Electronic Thesis and Dissertation Repository

Thesis Format

Integrated Article


Master of Science




Heath, Matthew


A growing body of literature has demonstrated that a single bout of aerobic exercise and/or hypercapnic manipulations increase cerebral blood flow (CBF) and are linked to a transient (i.e.,min) post-intervention executive function (EF) benefit. However, there are no direct studies examining whether a transient decrease in CBF elicits a post-intervention EF decrement. Accordingly, my thesis employed 10-min single bout manipulations of -30 mmHg and -50 mmHg lower-body negative pressure (LBNP) to determine whether a transient reduction in CBF impacts EF. LBNP was applied as it renders sub-atmospheric pressure to the lower limbs and redistributes blood from the upper to lower compartments of the body. Results demonstrated that a reduction in CBF at both LBNP magnitudes; however, this did not result in a post-intervention EF decrement. Accordingly my thesis demonstrates that an acute reduction in CBF does not negatively influence EF.

Summary for Lay Audience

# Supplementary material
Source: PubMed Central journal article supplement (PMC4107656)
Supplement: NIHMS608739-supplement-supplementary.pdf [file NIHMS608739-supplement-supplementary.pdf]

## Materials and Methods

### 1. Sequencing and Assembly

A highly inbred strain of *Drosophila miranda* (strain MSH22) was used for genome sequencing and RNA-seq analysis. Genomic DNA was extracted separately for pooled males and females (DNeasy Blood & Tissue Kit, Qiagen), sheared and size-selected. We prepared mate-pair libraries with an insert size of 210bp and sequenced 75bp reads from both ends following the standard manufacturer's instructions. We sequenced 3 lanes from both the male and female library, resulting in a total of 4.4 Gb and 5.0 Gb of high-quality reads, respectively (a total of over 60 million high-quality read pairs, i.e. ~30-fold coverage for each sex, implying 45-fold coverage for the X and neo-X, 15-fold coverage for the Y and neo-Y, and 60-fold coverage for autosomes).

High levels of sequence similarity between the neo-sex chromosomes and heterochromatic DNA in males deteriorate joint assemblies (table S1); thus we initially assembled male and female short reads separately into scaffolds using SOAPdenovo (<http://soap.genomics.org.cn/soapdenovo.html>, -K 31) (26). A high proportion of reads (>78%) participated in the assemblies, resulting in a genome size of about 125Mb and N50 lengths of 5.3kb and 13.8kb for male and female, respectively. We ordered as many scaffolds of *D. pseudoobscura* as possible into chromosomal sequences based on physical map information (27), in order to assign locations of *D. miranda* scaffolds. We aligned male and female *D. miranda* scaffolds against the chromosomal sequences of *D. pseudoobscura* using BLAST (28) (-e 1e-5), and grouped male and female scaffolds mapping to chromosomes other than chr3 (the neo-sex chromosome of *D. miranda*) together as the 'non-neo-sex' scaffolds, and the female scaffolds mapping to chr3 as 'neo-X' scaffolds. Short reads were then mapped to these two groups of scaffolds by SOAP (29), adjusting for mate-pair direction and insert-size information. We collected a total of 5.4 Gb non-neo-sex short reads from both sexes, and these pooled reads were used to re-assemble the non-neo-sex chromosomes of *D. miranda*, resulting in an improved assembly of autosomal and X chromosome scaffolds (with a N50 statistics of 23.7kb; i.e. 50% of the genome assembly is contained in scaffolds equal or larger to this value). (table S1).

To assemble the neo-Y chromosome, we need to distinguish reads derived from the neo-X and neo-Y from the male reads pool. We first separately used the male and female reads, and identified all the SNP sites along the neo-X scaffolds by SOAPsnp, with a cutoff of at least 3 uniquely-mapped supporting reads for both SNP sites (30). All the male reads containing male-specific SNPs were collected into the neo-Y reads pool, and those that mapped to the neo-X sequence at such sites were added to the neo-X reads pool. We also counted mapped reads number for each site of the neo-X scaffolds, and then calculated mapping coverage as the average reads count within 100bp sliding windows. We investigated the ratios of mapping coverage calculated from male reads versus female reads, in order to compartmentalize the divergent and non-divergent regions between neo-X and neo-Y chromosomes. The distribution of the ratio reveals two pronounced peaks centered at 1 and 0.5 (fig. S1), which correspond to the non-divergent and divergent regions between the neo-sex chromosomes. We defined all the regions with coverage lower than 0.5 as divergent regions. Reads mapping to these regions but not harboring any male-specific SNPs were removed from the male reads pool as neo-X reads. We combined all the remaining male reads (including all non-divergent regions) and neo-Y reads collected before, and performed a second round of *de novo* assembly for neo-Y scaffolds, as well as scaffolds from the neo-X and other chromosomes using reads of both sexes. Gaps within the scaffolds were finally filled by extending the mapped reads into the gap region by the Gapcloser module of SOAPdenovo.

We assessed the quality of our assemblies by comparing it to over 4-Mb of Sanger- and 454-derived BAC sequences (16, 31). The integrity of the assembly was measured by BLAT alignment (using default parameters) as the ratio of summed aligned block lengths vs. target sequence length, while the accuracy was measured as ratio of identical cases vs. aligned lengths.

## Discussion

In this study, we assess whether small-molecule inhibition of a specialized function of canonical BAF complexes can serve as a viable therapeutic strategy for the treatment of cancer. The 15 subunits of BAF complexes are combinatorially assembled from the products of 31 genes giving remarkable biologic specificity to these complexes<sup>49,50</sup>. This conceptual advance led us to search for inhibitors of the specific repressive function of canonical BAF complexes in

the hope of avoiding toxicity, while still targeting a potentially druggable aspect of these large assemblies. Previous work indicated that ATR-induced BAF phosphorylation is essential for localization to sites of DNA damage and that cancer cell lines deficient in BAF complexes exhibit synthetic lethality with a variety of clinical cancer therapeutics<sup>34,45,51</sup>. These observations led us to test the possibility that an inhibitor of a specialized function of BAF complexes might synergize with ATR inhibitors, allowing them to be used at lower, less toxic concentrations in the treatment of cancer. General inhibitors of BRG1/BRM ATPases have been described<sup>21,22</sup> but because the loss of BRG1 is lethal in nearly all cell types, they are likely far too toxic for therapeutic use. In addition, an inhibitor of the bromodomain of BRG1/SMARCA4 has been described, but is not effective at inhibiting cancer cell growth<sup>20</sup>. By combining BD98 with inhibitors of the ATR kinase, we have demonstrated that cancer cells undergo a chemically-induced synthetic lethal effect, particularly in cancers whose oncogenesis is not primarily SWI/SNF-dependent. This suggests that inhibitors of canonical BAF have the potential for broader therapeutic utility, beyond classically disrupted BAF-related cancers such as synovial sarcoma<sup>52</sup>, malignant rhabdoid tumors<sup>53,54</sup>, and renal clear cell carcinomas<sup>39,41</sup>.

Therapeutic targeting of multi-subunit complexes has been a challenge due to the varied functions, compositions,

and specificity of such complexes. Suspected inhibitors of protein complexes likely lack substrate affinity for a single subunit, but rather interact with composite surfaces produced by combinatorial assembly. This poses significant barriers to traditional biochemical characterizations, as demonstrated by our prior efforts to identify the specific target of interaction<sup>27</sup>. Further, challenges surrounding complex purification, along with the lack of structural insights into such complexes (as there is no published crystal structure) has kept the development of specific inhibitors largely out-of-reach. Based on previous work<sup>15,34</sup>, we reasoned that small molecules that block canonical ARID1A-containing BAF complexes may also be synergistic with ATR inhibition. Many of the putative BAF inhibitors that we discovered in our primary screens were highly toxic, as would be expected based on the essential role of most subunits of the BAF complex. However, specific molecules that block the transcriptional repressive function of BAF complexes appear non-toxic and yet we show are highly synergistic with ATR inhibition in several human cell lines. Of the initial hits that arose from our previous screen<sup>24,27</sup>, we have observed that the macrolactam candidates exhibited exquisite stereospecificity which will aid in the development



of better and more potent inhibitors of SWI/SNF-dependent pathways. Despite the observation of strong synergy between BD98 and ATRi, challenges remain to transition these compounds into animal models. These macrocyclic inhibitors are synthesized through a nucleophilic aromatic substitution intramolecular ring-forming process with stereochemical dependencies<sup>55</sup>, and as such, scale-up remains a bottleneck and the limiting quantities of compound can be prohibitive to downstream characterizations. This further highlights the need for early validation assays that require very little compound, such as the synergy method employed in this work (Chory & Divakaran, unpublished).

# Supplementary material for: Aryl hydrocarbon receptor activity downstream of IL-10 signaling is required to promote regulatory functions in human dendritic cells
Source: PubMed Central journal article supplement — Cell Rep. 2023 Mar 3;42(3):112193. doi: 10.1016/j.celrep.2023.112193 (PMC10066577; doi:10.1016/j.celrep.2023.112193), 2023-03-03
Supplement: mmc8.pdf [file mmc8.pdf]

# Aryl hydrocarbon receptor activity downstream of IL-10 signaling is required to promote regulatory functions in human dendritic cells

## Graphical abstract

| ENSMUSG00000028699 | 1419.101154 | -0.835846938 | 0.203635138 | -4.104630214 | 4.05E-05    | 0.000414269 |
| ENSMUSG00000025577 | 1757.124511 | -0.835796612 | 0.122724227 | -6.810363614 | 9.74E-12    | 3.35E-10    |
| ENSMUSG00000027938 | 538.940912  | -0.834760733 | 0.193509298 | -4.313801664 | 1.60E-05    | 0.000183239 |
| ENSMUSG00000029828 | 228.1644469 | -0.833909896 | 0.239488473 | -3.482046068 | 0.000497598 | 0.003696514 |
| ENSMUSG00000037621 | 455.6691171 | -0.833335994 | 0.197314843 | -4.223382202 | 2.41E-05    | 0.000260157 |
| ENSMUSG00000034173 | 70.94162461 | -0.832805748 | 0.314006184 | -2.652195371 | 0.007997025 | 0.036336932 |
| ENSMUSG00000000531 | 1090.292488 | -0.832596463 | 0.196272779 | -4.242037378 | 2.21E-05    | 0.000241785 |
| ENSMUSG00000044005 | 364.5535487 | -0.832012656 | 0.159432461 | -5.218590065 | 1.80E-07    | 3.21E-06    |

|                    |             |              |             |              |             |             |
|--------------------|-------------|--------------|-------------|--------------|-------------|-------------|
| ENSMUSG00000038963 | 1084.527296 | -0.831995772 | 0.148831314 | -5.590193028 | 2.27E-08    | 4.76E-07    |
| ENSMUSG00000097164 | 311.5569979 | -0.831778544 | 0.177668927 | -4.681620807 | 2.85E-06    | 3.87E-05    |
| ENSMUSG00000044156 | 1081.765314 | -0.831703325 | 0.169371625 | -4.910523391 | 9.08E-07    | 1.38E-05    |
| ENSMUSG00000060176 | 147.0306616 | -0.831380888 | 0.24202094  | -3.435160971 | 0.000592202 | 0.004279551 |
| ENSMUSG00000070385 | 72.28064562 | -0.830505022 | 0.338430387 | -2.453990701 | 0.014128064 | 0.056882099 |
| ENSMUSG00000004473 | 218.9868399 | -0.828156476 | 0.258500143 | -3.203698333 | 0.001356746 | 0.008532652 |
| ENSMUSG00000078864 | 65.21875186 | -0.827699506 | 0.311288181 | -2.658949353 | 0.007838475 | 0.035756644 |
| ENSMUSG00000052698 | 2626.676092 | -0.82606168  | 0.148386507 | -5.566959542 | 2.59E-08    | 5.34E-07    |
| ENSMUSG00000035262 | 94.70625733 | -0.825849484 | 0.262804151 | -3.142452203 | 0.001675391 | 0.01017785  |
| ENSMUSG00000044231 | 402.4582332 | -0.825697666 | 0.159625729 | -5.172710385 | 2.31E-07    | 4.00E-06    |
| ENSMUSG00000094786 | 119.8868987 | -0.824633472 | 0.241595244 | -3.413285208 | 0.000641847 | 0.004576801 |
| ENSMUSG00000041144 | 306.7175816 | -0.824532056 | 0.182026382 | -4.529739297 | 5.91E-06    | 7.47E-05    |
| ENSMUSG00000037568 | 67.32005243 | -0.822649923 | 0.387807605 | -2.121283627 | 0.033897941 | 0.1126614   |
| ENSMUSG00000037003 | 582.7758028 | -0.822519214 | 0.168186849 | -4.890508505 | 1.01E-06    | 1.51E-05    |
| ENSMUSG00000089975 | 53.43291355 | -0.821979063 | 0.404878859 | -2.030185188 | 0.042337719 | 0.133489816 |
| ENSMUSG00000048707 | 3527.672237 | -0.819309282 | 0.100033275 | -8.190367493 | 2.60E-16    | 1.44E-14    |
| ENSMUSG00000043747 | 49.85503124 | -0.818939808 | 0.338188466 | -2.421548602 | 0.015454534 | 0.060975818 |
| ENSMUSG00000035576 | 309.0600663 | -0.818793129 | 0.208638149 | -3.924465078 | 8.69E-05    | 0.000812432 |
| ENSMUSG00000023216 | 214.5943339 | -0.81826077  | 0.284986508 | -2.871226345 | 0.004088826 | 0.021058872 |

Executive function is a component of cognition and supports our ability to plan and implement actions essential to activities of daily living (e.g., making a pot of coffee). A single bout of aerobic or resistance exercise for as little as 10-min benefits executive function. One candidate mechanism for this benefit is an exercise-mediated increase in blood flow to the brain (i.e., cerebral blood flow). Although there is some evidence demonstrating that an increase in cerebral blood flow in healthy young adults is linked to an executive function benefit, it is unclear whether a brief reduction in cerebral blood imparts a post-intervention executive function impairment. The goal of my thesis was to address this issue via the use of a technique known as lower body negative pressure (LBNP). LBNP utilizes vacuum pressure (or negative pressure) applied to the lower limbs and results in an accumulation of blood in the lower extremities and thus reduces blood flow other regions of the body; that is, LBNP provides a safe and reliable means to decrease cerebral blood flow. The results from my study demonstrated that blood flow to the brain decreased during LBNP; however, this change did not impact a post-intervention assessment of executive function. Accordingly, my results suggest that a brief (i.e., 10-min) reduction in brain blood flow does not result in post-intervention executive function impairment.

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